China web portal chastised for 'rumour-mongering'

1 / 2

The FCC proposed to regulate broadband Internet service providers as "public utility" carriers, in a renewed effort to enforce "net neutrality" rules

The FCC proposed to regulate broadband Internet service providers as "public utility" carriers, in a renewed effort to enforce "net neutrality" rules (AFP Photo/Ed Jones)

Beijing (AFP) - One of China's biggest Internet portals has been accused of "rumour-mongering" and other offences by Communist authorities as Beijing furthers its online clampdown.

In a statement posted on its website late Monday, the Cyberspace Administration of China (CAC) said that authorities met with representatives of Netease to discuss "problems" in the company's operations.

The Internet firm, whose offerings include online games, education and email services, was accused of "illegally republishing news and information, spreading pornography, rumour-mongering and other issues".

No details were provided on the alleged violations.

But Netease has its origins in the freewheeling southern province of Guangdong, and users say that the comments sections on its news stories are less strictly censored than those of other firms.

A Netease official said that the company would work to "actively spread positive energy and provide news services in strict accordance with the law", according to the statement.

The move appears to be the latest effort by the Communist Party to exert control over China's online space.

Beijing maintains a tight grip on information, with the media controlled by the government and social networks subject to heavy censorship.

Hundreds of bloggers and journalists have since 2013 been rounded up in a government-backed campaign against "Internet rumours".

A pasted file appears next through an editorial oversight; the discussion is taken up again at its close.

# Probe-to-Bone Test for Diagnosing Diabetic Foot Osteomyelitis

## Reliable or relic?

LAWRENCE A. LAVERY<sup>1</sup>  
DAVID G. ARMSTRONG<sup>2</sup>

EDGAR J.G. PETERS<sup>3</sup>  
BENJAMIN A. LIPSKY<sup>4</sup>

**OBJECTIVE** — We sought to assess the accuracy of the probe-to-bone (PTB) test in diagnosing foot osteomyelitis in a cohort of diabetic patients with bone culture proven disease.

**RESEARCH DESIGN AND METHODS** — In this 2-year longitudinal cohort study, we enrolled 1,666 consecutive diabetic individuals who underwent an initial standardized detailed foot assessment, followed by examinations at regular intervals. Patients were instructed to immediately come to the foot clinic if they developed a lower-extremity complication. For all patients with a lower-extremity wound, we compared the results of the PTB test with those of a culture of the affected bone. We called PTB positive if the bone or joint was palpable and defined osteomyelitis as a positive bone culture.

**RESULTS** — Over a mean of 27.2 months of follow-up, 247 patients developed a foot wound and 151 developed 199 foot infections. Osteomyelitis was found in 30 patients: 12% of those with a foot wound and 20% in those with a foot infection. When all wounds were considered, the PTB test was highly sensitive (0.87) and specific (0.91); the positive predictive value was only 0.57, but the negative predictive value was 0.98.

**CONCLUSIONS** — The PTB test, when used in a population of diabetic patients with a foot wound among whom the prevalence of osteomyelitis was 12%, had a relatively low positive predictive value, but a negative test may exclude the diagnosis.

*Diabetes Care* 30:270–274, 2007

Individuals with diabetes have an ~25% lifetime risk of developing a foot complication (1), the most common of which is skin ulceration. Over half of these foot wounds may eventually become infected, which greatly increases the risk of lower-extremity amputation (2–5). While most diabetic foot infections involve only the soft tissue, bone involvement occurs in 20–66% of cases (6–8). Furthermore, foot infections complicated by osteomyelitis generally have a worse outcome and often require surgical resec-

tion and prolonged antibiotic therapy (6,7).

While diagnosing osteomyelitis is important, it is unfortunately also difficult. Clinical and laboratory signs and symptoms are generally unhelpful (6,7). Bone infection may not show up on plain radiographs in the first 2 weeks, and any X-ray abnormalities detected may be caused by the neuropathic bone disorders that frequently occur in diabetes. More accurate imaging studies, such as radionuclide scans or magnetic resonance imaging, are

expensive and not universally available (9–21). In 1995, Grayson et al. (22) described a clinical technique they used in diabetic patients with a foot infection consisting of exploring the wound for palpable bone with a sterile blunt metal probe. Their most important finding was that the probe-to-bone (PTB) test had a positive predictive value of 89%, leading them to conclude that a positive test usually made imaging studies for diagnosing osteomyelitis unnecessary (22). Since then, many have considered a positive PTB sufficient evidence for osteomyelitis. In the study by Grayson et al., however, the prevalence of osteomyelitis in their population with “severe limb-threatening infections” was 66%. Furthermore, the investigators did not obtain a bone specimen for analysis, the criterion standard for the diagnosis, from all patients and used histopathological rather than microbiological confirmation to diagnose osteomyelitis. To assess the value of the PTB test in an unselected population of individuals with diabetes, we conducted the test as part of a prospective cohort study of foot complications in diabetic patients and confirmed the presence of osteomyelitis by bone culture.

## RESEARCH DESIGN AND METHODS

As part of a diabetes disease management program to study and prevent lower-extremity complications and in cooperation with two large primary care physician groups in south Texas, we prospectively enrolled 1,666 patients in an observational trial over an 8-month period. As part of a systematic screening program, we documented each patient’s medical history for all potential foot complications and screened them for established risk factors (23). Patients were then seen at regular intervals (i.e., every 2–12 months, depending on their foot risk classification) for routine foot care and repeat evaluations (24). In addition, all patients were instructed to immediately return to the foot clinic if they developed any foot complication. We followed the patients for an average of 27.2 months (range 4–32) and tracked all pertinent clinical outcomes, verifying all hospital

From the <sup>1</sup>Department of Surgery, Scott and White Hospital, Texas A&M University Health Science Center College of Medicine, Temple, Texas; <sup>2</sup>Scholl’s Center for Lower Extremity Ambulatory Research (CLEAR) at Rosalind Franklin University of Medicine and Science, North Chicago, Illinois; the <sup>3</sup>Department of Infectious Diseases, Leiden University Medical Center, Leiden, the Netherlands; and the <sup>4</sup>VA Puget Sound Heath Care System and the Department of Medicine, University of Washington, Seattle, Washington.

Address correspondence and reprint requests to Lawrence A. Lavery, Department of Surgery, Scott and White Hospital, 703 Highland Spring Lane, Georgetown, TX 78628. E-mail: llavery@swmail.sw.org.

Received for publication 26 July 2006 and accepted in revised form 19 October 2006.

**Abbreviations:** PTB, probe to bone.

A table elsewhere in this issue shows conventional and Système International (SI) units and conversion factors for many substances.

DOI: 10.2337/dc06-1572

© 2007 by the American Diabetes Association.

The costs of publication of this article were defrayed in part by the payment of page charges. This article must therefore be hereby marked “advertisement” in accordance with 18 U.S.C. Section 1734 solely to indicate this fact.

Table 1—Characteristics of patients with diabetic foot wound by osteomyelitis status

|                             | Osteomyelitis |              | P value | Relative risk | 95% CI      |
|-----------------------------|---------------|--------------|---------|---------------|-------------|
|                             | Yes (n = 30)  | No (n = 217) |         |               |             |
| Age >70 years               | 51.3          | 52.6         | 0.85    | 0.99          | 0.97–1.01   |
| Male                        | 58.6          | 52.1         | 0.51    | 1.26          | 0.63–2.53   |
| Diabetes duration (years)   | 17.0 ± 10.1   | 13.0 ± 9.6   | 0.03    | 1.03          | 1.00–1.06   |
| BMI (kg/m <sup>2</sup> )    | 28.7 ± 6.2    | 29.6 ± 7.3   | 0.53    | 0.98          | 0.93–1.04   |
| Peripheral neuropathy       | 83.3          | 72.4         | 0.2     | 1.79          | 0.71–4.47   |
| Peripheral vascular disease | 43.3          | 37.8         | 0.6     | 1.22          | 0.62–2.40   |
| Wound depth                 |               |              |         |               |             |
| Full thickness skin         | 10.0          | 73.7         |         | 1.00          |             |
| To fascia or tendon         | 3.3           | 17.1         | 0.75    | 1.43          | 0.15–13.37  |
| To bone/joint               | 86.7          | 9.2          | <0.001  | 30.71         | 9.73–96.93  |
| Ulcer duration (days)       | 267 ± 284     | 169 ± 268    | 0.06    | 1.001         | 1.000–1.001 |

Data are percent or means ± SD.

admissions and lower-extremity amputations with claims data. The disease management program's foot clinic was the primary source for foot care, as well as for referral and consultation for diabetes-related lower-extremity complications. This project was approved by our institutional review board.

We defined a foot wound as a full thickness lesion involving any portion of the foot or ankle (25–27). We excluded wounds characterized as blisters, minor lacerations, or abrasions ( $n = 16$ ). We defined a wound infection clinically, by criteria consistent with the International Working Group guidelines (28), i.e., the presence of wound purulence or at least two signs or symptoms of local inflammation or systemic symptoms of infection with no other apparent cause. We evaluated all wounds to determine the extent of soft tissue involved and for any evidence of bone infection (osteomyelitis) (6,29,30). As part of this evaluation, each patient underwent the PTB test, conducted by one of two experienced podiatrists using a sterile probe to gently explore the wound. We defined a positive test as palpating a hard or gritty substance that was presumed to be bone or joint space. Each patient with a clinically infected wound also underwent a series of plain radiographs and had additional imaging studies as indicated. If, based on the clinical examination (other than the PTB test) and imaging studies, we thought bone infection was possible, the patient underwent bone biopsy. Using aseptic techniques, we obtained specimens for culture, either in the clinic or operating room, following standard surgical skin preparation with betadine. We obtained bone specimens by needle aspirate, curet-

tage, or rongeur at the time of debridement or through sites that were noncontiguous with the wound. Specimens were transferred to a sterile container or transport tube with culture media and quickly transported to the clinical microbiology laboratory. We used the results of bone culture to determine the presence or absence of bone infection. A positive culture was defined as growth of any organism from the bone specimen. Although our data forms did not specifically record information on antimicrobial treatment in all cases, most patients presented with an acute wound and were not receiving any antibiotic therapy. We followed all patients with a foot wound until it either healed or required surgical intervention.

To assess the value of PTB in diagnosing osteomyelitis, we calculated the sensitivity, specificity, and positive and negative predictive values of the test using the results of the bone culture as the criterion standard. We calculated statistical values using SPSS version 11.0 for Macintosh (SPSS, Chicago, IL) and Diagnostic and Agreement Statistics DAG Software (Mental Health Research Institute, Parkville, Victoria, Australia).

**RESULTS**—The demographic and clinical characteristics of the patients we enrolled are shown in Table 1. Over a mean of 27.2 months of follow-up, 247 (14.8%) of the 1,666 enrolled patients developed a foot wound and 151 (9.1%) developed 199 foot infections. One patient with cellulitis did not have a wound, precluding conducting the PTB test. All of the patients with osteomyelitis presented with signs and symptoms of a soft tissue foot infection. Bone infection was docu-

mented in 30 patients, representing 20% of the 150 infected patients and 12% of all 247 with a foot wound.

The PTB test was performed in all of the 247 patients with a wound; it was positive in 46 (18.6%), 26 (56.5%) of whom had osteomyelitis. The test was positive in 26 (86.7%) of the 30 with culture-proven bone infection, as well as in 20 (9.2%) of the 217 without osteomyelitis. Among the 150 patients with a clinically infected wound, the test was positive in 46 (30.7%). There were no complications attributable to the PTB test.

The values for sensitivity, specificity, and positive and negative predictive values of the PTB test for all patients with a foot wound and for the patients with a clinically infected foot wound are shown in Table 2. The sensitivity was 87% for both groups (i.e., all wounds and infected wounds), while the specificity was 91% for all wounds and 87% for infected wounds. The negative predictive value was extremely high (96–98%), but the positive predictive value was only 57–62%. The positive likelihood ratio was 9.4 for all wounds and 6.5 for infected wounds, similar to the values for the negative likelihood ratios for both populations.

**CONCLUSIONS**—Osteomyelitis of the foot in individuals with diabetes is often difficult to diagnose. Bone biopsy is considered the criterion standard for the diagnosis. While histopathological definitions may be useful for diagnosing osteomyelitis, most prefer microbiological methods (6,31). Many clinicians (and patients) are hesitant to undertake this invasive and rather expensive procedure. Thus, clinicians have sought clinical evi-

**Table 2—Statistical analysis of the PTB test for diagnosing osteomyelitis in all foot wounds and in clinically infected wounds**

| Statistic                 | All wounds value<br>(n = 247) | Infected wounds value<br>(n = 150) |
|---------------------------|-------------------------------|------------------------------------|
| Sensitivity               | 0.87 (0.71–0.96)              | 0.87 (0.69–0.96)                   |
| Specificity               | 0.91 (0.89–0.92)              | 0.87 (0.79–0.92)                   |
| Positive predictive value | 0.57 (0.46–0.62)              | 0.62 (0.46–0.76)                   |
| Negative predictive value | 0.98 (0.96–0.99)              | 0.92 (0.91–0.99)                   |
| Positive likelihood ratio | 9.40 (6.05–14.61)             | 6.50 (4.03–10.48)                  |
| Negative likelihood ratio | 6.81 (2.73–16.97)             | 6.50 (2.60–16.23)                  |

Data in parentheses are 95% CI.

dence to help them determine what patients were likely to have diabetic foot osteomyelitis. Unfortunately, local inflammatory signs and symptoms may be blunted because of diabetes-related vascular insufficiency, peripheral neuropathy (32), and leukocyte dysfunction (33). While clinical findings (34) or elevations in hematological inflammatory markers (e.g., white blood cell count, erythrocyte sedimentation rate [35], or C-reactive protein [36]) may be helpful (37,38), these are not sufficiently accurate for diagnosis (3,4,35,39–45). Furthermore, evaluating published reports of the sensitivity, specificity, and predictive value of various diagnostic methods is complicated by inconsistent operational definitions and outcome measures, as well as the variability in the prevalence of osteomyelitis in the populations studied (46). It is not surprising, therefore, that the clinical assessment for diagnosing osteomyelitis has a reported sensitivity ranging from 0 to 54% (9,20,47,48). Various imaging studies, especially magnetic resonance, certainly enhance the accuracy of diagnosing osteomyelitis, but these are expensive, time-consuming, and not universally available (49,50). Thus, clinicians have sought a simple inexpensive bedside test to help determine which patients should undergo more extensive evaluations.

Last October, China's top court announced that it was putting pressure on Internet service providers to provide the personal details of Web users suspected of "rights violations".

And in recent weeks, authorities have cracked down on virtual private networks, or VPNs, which allow Internet users in China to scale the country's vast censorship apparatus, known as the Great Firewall.

The CAC said that Internet authorities in Beijing have also recently called in the heads of other top Chinese Internet firms, including Sina, Sohu and Baidu, and urged them to "take corrective measures".

"Some websites take a lax attitude towards content published for the sake of profit and sometimes spread pornography, vulgar content and bad information, which has disrupted the orderly flow of online information and damaged the public interest," the CAC statement said.

In an editorial Tuesday, the state-run Global Times newspaper lashed out against "speculative reports" in Chinese media, saying some rumours circulated on social networking sites have proved to be "maliciously cooked up".

The editorial came after the Southern Weekly newspaper apologised for including "false information" in a report that Anbang Insurance Group, a prominent Chinese company, had benefited from its ties to a powerful political family.

"The media should remain cautious when reporting on the anti-corruption campaign," the Global Times wrote, referring to Chinese President Xi Jinping's much-publicised anti-graft sweep.

"Genuine supporters need to stay in step" with the Communist Party, the paper added.

"The Central Commission for Discipline Inspection has the final say on who has a problem and for what reasons," the paper wrote, referring to the party's internal watchdog.